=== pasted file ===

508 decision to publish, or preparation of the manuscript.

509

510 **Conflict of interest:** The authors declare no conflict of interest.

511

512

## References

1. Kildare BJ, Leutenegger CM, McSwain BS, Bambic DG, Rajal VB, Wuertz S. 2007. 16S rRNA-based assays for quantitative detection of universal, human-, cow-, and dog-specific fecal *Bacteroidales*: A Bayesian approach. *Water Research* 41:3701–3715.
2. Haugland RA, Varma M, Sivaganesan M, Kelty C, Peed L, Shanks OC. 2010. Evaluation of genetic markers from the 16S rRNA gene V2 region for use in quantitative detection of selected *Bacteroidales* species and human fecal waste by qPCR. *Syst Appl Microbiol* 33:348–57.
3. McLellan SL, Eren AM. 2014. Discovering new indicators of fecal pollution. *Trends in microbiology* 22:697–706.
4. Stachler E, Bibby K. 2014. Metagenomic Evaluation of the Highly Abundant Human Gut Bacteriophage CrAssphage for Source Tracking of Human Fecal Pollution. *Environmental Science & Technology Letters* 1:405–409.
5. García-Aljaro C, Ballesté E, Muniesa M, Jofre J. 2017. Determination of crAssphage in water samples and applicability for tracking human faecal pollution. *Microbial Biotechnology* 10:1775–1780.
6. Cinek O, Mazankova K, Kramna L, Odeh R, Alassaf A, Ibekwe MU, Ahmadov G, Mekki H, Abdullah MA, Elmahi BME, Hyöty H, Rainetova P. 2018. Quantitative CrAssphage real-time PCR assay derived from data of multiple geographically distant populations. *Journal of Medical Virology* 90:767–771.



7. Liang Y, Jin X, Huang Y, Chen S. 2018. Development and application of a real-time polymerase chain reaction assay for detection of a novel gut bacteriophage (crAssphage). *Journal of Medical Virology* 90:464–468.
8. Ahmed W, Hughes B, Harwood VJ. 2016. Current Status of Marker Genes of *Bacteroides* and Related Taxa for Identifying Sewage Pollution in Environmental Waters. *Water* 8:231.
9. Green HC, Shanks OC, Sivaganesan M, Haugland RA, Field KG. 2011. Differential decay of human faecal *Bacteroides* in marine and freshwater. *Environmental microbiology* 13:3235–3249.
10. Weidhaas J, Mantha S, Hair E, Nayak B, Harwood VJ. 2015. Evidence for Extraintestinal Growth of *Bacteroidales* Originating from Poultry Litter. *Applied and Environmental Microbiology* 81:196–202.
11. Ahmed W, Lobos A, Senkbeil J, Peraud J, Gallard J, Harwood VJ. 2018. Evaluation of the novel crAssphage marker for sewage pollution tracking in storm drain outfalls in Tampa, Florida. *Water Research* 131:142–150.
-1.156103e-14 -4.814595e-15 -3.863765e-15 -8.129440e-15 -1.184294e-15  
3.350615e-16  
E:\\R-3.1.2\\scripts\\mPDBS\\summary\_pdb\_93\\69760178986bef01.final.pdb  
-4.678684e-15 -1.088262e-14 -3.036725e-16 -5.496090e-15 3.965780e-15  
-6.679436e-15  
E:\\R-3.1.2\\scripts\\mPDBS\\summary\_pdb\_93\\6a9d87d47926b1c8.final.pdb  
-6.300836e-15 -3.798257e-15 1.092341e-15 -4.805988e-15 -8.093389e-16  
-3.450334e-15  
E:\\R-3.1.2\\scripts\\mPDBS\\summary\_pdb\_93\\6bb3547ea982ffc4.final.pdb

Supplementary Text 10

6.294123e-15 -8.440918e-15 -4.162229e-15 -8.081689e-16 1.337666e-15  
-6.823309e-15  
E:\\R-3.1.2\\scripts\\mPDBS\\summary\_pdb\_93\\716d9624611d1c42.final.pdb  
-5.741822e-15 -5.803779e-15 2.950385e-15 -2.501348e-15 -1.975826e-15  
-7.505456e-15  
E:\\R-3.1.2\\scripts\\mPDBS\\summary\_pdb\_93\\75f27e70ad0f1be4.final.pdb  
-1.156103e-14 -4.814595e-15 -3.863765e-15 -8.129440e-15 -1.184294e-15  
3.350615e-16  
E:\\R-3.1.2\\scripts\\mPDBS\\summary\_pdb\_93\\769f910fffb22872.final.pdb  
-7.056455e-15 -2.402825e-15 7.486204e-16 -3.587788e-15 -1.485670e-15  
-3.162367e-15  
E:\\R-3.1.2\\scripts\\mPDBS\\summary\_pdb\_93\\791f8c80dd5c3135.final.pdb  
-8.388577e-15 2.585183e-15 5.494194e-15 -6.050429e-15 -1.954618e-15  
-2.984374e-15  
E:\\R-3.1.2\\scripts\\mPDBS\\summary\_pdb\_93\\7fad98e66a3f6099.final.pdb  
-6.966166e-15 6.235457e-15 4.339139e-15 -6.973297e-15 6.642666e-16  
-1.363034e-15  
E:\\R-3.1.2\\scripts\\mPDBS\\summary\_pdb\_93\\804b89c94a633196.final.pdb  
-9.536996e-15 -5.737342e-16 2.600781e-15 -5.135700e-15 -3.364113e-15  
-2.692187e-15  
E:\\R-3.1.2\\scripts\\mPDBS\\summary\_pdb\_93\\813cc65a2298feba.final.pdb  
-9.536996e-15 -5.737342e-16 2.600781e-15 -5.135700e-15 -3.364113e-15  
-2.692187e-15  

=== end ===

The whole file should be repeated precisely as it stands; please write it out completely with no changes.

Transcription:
508 decision to publish, or preparation of the manuscript.

509

510 **Conflict of interest:** The authors declare no conflict of interest.

511

512

## References

1. Kildare BJ, Leutenegger CM, McSwain BS, Bambic DG, Rajal VB, Wuertz S. 2007. 16S rRNA-based assays for quantitative detection of universal, human-, cow-, and dog-specific fecal *Bacteroidales*: A Bayesian approach. *Water Research* 41:3701–3715.
2. Haugland RA, Varma M, Sivaganesan M, Kelty C, Peed L, Shanks OC. 2010. Evaluation of genetic markers from the 16S rRNA gene V2 region for use in quantitative detection of selected *Bacteroidales* species and human fecal waste by qPCR. *Syst Appl Microbiol* 33:348–57.
3. McLellan SL, Eren AM. 2014. Discovering new indicators of fecal pollution. *Trends in microbiology* 22:697–706.
4. Stachler E, Bibby K. 2014. Metagenomic Evaluation of the Highly Abundant Human Gut Bacteriophage CrAssphage for Source Tracking of Human Fecal Pollution. *Environmental Science & Technology Letters* 1:405–409.
5. García-Aljaro C, Ballesté E, Muniesa M, Jofre J. 2017. Determination of crAssphage in water samples and applicability for tracking human faecal pollution. *Microbial Biotechnology* 10:1775–1780.
6. Cinek O, Mazankova K, Kramna L, Odeh R, Alassaf A, Ibekwe MU, Ahmadov G, Mekki H, Abdullah MA, Elmahi BME, Hyöty H, Rainetova P. 2018. Quantitative CrAssphage real-time PCR assay derived from data of multiple geographically distant populations. *Journal of Medical Virology* 90:767–771.



7. Liang Y, Jin X, Huang Y, Chen S. 2018. Development and application of a real-time polymerase chain reaction assay for detection of a novel gut bacteriophage (crAssphage). *Journal of Medical Virology* 90:464–468.
8. Ahmed W, Hughes B, Harwood VJ. 2016. Current Status of Marker Genes of *Bacteroides* and Related Taxa for Identifying Sewage Pollution in Environmental Waters. *Water* 8:231.
9. Green HC, Shanks OC, Sivaganesan M, Haugland RA, Field KG. 2011. Differential decay of human faecal *Bacteroides* in marine and freshwater. *Environmental microbiology* 13:3235–3249.
10. Weidhaas J, Mantha S, Hair E, Nayak B, Harwood VJ. 2015. Evidence for Extraintestinal Growth of *Bacteroidales* Originating from Poultry Litter. *Applied and Environmental Microbiology* 81:196–202.
11. Ahmed W, Lobos A, Senkbeil J, Peraud J, Gallard J, Harwood VJ. 2018. Evaluation of the novel crAssphage marker for sewage pollution tracking in storm drain outfalls in Tampa, Florida. *Water Research* 131:142–150.
-1.156103e-14 -4.814595e-15 -3.863765e-15 -8.129440e-15 -1.184294e-15  
3.350615e-16  
E:\\R-3.1.2\\scripts\\mPDBS\\summary\_pdb\_93\\69760178986bef01.final.pdb  
-4.678684e-15 -1.088262e-14 -3.036725e-16 -5.496090e-15 3.965780e-15  
-6.679436e-15  
E:\\R-3.1.2\\scripts\\mPDBS\\summary\_pdb\_93\\6a9d87d47926b1c8.final.pdb  
-6.300836e-15 -3.798257e-15 1.092341e-15 -4.805988e-15 -8.093389e-16  
-3.450334e-15  
E:\\R-3.1.2\\scripts\\mPDBS\\summary\_pdb\_93\\6bb3547ea982ffc4.final.pdb

Supplementary Text 10

6.294123e-15 -8.440918e-15 -4.162229e-15 -8.081689e-16 1.337666e-15  
-6.823309e-15  
E:\\R-3.1.2\\scripts\\mPDBS\\summary\_pdb\_93\\716d9624611d1c42.final.pdb  
-5.741822e-15 -5.803779e-15 2.950385e-15 -2.501348e-15 -1.975826e-15  
-7.505456e-15  
E:\\R-3.1.2\\scripts\\mPDBS\\summary\_pdb\_93\\75f27e70ad0f1be4.final.pdb  
-1.156103e-14 -4.814595e-15 -3.863765e-15 -8.129440e-15 -1.184294e-15  
3.350615e-16  
E:\\R-3.1.2\\scripts\\mPDBS\\summary\_pdb\_93\\769f910fffb22872.final.pdb  
-7.056455e-15 -2.402825e-15 7.486204e-16 -3.587788e-15 -1.485670e-15  
-3.162367e-15  
E:\\R-3.1.2\\scripts\\mPDBS\\summary\_pdb\_93\\791f8c80dd5c3135.final.pdb  
-8.388577e-15 2.585183e-15 5.494194e-15 -6.050429e-15 -1.954618e-15  
-2.984374e-15  
E:\\R-3.1.2\\scripts\\mPDBS\\summary\_pdb\_93\\7fad98e66a3f6099.final.pdb  
-6.966166e-15 6.235457e-15 4.339139e-15 -6.973297e-15 6.642666e-16  
-1.363034e-15  
E:\\R-3.1.2\\scripts\\mPDBS\\summary\_pdb\_93\\804b89c94a633196.final.pdb  
-9.536996e-15 -5.737342e-16 2.600781e-15 -5.135700e-15 -3.364113e-15  
-2.692187e-15  
E:\\R-3.1.2\\scripts\\mPDBS\\summary\_pdb\_93\\813cc65a2298feba.final.pdb  
-9.536996e-15 -5.737342e-16 2.600781e-15 -5.135700e-15 -3.364113e-15  
-2.692187e-15  